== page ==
Pot War

A pot war of sorts has started in the city  of Los Angeles. The city is trying to limit the number of medical marijuana dispensaries because the city says there are too many of them. However the coalition of collectives fighting the city says let competitiveness weed out the numbers. So should the city limit the number of  outlets selling pot or should it let the businesses weed out it's own numbers?

A pot war of sorts has started in the city
of Los Angeles. The city is trying to limit
the number of medical marijuana dispensaries
because the city says there are too many of them.
However the coalition of collectives fighting
the city says let competitiveness weed out the
numbers. So should the city limit the number of
outlets selling pot or should it let the businesses
weed out it’s own numbers?

Seeking to overturn the city’s medical marijuana ordinance even before it takes effect, a loose-knit coalition of Los Angeles collectives is quietly gathering signatures to force a referendum on the law.

The scrappy, largely volunteer effort faces a Monday deadline to turn in 27,425 valid signatures.

“We’re getting down to the wire here,” said Dan Halbert, who runs Rainforest Collective in Mar Vista and has coordinated the campaign. “It’s going to be close.”

Halbert’s dispensary on Venice Boulevard, which opened last year, is one of hundreds that would have to close under the ordinance. That law, which will probably not be in effect until May, caps the number at 70. But it also makes an exception to allow about 128 dispensaries that registered in 2007, when the City Council adopted a moratorium, to stay open.

“They are just kind of arbitrarily drawing a line in the sand,” said Halbert, who argues that the competitive business environment would eventually reduce the number on its own, leaving only the best-run collectives.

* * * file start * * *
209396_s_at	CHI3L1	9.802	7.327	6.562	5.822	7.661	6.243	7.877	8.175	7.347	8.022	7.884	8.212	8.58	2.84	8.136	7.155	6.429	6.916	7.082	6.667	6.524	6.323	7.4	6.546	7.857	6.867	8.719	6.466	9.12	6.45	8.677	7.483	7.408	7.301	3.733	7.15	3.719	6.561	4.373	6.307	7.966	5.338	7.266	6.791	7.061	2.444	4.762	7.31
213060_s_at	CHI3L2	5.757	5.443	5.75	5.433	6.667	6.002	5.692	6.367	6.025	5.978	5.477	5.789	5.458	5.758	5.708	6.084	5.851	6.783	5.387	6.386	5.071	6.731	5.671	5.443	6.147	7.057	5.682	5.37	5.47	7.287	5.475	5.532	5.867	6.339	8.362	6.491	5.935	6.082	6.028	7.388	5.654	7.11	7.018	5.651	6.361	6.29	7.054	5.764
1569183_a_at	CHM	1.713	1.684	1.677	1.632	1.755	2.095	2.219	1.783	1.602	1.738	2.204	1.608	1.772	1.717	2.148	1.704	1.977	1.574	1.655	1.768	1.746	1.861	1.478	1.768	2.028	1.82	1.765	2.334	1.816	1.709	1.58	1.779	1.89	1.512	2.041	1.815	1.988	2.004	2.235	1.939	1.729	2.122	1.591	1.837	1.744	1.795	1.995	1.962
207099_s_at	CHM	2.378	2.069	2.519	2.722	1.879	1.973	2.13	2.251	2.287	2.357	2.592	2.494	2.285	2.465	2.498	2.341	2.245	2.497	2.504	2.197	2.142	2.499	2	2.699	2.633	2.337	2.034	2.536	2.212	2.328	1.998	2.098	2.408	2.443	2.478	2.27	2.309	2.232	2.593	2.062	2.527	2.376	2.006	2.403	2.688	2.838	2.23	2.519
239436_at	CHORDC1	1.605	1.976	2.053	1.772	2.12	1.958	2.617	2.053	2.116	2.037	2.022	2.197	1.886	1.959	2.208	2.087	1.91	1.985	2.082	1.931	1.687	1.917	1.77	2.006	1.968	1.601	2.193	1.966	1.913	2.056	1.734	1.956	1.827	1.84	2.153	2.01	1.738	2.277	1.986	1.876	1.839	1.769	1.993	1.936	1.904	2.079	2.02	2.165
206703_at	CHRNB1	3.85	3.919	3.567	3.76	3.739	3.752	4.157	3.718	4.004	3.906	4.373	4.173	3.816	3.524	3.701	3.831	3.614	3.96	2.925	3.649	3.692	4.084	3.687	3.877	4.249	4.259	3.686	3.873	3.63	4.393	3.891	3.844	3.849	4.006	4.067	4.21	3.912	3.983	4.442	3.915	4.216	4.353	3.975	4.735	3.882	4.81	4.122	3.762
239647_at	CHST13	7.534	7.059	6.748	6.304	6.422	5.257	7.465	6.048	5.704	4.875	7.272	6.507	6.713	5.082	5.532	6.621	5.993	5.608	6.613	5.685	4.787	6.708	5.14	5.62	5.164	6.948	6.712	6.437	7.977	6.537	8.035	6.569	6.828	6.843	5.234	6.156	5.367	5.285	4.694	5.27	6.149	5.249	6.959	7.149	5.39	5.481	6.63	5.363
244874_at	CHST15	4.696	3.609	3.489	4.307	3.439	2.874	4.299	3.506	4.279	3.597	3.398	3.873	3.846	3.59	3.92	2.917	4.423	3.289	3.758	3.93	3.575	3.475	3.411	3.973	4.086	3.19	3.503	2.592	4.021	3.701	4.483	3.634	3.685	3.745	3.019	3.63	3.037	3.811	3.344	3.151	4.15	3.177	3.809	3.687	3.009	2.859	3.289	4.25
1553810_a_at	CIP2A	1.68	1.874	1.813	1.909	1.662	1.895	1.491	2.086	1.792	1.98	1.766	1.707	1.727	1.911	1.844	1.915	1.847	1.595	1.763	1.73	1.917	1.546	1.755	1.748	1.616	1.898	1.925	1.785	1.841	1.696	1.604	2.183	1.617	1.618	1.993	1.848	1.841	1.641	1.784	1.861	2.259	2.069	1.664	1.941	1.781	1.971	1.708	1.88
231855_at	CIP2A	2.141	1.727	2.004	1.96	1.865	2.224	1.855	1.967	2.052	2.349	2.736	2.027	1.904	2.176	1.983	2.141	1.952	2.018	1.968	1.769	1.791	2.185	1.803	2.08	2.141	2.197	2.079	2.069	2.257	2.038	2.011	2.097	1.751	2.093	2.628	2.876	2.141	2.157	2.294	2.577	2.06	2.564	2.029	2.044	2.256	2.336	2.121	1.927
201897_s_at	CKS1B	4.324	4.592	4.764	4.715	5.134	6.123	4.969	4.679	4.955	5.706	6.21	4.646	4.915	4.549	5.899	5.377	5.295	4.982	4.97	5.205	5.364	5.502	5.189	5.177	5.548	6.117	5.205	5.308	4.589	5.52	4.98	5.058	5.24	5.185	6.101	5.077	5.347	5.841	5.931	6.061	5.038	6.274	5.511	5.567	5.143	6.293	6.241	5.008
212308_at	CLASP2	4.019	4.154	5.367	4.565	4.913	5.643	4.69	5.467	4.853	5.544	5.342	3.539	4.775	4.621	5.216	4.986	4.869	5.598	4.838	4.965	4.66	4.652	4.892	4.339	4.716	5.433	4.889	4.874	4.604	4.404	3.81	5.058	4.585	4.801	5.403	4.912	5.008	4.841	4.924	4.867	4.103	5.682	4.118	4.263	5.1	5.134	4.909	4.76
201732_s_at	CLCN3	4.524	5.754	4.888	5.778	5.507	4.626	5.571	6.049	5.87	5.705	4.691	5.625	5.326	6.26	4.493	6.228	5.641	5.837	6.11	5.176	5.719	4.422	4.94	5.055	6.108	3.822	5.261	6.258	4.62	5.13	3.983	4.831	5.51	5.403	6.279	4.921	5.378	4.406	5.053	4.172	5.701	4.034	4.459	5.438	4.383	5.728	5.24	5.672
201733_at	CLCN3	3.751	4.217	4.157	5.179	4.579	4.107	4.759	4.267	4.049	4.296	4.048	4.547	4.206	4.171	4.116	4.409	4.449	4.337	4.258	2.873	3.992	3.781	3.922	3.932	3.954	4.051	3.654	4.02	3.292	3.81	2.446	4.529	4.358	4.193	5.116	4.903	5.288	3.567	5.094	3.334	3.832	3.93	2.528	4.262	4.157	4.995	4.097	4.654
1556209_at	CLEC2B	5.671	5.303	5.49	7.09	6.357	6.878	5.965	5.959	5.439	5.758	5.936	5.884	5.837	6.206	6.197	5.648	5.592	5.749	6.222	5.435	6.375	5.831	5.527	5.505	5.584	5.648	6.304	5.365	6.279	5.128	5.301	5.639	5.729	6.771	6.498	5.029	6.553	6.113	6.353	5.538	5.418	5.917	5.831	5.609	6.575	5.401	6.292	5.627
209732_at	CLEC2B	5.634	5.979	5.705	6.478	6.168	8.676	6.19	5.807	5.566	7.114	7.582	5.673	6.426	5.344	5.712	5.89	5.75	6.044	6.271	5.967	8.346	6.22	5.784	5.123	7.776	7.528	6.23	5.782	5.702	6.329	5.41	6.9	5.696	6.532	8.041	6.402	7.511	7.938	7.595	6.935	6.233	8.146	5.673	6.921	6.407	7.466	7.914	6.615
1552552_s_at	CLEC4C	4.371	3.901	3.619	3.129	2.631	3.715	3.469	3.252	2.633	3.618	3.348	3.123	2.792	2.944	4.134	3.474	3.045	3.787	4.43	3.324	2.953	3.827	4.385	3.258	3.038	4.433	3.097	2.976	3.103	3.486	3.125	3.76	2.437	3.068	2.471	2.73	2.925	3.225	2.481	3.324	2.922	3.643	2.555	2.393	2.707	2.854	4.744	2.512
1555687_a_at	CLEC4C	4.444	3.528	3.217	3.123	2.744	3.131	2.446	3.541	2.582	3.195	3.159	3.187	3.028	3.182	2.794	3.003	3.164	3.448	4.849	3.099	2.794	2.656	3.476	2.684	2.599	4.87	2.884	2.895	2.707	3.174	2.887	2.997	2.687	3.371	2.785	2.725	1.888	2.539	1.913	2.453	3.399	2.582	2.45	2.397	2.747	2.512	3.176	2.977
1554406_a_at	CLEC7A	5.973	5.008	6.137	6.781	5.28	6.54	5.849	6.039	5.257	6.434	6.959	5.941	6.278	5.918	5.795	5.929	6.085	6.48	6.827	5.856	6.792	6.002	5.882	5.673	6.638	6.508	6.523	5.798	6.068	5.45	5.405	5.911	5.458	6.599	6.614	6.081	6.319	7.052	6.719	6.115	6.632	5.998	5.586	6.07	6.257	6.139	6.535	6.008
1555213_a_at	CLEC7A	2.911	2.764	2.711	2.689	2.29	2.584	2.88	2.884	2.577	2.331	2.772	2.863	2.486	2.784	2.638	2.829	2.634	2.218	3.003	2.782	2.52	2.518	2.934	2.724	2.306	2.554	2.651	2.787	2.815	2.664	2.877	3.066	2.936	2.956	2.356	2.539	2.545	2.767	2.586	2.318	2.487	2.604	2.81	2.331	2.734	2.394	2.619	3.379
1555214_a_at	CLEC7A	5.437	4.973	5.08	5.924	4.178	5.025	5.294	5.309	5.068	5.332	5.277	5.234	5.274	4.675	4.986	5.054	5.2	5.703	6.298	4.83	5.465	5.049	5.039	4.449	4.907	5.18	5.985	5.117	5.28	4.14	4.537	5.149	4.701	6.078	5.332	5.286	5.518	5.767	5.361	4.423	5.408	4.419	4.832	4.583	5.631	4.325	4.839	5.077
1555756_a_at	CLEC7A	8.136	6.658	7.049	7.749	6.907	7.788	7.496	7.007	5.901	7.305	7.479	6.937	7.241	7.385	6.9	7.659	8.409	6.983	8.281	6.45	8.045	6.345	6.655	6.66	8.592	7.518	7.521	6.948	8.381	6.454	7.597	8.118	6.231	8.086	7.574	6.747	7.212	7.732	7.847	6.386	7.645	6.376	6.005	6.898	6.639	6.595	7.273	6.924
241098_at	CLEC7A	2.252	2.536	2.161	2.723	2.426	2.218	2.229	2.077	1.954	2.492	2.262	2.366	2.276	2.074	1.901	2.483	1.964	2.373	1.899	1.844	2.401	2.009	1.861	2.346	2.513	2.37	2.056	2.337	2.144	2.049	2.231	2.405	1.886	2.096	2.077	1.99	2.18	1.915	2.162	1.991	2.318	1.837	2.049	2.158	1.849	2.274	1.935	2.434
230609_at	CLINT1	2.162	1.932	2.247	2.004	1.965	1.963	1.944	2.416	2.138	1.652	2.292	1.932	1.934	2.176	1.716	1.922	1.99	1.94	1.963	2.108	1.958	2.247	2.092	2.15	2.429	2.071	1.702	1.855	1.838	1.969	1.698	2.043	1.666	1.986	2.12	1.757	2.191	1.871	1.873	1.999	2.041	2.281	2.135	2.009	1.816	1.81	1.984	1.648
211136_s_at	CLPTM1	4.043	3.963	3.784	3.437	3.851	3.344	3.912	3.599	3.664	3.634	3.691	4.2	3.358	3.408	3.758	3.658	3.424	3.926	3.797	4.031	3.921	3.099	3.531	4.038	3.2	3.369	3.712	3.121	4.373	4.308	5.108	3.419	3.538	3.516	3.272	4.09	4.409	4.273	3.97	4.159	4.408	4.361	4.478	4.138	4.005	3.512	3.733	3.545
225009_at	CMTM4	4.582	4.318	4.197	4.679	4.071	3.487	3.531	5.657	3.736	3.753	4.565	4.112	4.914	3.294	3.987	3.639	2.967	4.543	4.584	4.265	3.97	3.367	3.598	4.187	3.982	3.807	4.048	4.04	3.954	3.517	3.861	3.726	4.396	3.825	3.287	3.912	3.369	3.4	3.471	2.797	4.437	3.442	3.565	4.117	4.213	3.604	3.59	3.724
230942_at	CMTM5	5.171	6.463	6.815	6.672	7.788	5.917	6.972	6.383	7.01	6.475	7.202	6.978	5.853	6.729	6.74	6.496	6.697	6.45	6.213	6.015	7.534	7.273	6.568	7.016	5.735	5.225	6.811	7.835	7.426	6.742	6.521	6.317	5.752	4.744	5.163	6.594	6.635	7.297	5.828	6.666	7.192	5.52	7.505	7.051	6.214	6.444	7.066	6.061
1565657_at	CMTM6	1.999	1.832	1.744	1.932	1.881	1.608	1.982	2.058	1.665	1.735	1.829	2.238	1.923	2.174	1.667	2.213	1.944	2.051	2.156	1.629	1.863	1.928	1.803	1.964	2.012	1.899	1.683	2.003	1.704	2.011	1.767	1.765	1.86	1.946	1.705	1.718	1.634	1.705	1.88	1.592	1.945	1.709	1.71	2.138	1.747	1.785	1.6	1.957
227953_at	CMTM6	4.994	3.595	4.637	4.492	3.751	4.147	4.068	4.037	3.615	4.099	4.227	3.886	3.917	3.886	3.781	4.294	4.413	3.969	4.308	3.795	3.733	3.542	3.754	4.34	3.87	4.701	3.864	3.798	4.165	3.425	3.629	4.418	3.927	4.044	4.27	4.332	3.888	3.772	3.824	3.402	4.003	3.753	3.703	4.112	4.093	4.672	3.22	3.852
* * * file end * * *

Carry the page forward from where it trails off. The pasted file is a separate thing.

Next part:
To City Council members, Halbert is just one of hundreds of opportunists out to make a quick buck. His store was among those targeted last summer by a chagrined council after neighborhood activists repeatedly complained that marijuana outlets were rapidly opening across the city despite the moratorium.

An entrepreneur who owned an adventure travel business in Phoenix, Halbert moved to Los Angeles to open his dispensary after three trips to investigate the city’s vibrant weed industry. He said he never would have started the business if the city had been enforcing its ban. Now he has become a political activist trying to save his livelihood and torpedo an ordinance that the City Council has labored over for almost two years.

“Once you get $100,000 charged on credit cards, you really don’t have any choice,” he said. “You have a choice of bankruptcy or trying every legal avenue that you have to get your rights.”

The last time a referendum qualified for the ballot, the City Council backed down on the targeted ordinance.

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